The old line about “where you stand depends on where you sit” has new relevance in U.S. airports. Southwest Airlines, the model for an entire generation of low-cost carriers (LCCs) around the world, is protesting recently announced plans by Austin-Bergstrom Airport to add a privately financed, no-frills terminal aimed at LCCs seeking lower terminal charges. All facilities in the new terminal will be common-use, and are described as being “Spartan.” Southwest says that this sort of level of service is not acceptable, so it will stick with the main terminal. But it’s trying to derail the airport’s plan, which is aimed initially at attracting service from a relatively new LCC (VivaAeroBus) from Mexico (where such carriers are proliferating).
Before going into more details on Austin, here is some context. Over the last few years, as more LCCs have taken off in Europe and Asia, such carriers have expressed interest in moving beyond the secondary airports where they got their start. But the high terminal charges at the typical “full-service” terminals at main airports present a cost barrier to the no-frills LCC business model. So airports have started responding with no-frills terminals, generally lacking jetways, artwork, elaborate electronic displays, etc. Singapore’s world-class Changi Airport and competitor Kuala Lumpur International each opened a no-frills LCC terminal in March 2006. According to an article in the December 2007 issue of Airline Business, Changi’s new terminal thus far has service from two LCCs and Kuala Lumpur’s from three. Next to open such a no-frills terminal were Bremen in September 2006 (Ryanair) and Marseilles in October 2006 (already hosting five LCCs). Another such terminal is under development at Lyon, with easyJet as its first airline. In Europe, legacy carrier Air France has raised legal objections to such terminals, thus far without success. And trade association IATA (International Air Transport Association) has expressed concerns over the charging mechanisms, fearing unfair cross-subsidization by the legacy carriers of facilities for LCCs.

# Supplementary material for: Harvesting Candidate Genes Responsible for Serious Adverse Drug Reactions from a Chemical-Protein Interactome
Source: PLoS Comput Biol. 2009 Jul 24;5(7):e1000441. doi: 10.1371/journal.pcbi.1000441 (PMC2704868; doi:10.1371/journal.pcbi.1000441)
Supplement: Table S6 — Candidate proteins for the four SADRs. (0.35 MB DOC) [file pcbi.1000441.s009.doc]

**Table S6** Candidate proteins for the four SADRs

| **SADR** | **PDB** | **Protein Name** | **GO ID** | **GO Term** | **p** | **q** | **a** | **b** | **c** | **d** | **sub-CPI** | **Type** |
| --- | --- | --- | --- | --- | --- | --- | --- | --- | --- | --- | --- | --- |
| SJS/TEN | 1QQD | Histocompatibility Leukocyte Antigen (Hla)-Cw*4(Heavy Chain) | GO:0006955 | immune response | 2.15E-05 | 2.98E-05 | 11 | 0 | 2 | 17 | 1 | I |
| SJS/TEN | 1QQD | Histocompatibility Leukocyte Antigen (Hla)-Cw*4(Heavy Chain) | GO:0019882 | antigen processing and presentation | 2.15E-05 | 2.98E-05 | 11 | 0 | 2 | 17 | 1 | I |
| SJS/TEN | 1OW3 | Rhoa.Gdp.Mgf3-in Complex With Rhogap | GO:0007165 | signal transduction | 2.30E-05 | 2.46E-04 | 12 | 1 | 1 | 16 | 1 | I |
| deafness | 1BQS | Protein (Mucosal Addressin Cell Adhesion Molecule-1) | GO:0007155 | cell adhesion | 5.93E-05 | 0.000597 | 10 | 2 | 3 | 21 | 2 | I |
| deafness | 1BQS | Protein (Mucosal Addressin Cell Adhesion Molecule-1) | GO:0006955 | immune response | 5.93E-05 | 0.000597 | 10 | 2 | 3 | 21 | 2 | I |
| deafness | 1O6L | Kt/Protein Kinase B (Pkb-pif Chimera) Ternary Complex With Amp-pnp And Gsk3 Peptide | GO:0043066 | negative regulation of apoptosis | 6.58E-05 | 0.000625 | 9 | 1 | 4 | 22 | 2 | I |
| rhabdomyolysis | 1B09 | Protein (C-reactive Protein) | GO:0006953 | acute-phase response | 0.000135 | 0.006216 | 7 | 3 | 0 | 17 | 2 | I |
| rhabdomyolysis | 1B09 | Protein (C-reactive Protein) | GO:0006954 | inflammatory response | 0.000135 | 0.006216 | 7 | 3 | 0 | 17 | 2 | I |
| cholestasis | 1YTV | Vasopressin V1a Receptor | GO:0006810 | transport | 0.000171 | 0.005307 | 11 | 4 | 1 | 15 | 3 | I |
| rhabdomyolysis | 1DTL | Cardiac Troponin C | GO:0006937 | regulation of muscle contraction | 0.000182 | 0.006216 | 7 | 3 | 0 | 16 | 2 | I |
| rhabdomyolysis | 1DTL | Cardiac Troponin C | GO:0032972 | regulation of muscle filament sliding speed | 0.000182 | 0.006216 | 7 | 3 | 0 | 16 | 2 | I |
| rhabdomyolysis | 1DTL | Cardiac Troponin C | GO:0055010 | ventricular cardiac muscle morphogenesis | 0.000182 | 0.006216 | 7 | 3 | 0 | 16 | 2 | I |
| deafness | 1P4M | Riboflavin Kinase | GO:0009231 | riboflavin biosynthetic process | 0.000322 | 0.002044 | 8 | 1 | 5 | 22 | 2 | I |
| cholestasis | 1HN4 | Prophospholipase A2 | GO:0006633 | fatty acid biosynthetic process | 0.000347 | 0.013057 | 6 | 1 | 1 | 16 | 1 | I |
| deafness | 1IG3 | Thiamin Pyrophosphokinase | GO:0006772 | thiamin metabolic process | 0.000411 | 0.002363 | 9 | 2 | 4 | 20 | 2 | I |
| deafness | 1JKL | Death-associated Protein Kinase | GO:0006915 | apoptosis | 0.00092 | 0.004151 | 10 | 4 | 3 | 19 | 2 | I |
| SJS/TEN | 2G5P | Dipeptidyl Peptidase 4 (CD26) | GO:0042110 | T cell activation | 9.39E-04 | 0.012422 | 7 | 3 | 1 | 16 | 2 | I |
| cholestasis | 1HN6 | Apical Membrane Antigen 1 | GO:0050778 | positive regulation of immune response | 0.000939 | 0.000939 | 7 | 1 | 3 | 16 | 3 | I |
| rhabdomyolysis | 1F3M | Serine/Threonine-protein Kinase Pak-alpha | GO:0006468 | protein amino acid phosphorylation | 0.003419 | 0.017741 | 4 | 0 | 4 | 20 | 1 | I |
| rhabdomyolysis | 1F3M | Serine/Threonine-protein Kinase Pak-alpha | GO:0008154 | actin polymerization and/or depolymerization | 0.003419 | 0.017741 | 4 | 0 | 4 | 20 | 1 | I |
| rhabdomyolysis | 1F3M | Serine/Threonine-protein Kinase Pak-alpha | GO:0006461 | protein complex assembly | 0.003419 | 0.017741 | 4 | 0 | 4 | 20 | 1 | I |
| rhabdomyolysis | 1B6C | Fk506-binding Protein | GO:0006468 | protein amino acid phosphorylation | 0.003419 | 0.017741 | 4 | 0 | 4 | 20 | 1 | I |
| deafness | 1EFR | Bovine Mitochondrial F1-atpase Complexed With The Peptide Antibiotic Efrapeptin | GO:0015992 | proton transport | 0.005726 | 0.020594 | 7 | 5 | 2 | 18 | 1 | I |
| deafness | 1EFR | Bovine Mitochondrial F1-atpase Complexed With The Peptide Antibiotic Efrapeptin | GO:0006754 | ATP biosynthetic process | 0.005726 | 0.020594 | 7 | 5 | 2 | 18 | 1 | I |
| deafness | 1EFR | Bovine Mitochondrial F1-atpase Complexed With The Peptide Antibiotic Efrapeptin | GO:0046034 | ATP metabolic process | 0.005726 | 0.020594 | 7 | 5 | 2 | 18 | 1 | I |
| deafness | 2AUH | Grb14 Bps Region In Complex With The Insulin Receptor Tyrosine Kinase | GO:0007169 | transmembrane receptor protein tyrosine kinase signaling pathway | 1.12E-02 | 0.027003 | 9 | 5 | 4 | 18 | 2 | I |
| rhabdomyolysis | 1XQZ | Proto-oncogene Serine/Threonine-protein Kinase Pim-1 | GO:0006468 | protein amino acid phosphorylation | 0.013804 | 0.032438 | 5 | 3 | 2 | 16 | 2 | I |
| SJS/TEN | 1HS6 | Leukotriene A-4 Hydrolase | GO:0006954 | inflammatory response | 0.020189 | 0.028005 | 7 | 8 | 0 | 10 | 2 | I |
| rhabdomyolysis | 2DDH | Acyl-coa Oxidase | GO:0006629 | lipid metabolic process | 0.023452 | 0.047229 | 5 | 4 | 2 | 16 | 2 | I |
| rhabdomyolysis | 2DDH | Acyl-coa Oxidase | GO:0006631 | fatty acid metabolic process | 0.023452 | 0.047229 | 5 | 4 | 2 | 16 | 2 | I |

Austin seems to have done its homework on its LCC terminal. First, it is using private finance to develop it, leasing the 40-acre site to GE Commercial Aviation Services (GECAS), which will develop and operate it via its AviatSolutions subsidiary. Airport director Jim Smith notes that such a ground lease is similar to ones long in place for fixed-base operators (for general aviation) and cargo operators. Terminal charges for the new LCC terminal will be based on recovering its costs. LCCs opting to use the new terminal will pay the same airfield charges as users of the main terminal, so it’s hard to see where any cross-subsidy could be sneaking in.
The Austin terminal project with GECAS is a form of (partial) airport privatization analogous to what already exists with the privately financed, developed, and operated Terminal 4 at New York’s JFK and the terminals at Orlando-Sanford, the very successful secondary airport in the Orlando area, serving mostly European charter airlines. It also bears some resemblance to the proposed Abraham Lincoln airport in Peotone, IL, in which a government authority would develop the air-side (runways, etc.) and the private sector the terminal and other land-side facilities.
It’s painfully ironic to see Southwest, now all grown up to major carrier status, trying to prevent competition from a new generation of LCCs. A Wall Street Journal article by Scott McCartney (Dec. 12, 2007) showed that nearly all of the 20 least expensive airports (measured by the ticket price to fly one mile) are airports with significant LCC service. Competition works. Kudos to Austin-Bergstrom for its pro-competition approach, and shame on Southwest for its opposition.
As I’ve been saying since the beginning of the TSA’s implementation of passenger and checked-baggage screening, and repeated again last fall to National Defense magazine (October 2007), “Having a different standard of explosives inspection for checked and carry-on bags has always been a glaring inconsistency”-and still is. But there is encouraging progress to report, in the labs and at selected checkpoints.
First, the TSA has approved for live, in-airport testing several possible replacements for the very low-tech X-ray systems now in use at some 446 airports. The least expensive versions are multi-view X-ray machines made by L3, Rapiscan, and Smith’s, at about $100K apiece. (The existing X-ray machines cost $35-60K.) Initial testing is under way in a few lanes at Albuquerque, JFK, LAX, and Reagan National airports. By taking two X-ray pictures from different angles, these machines give screeners more information about possible threat objects.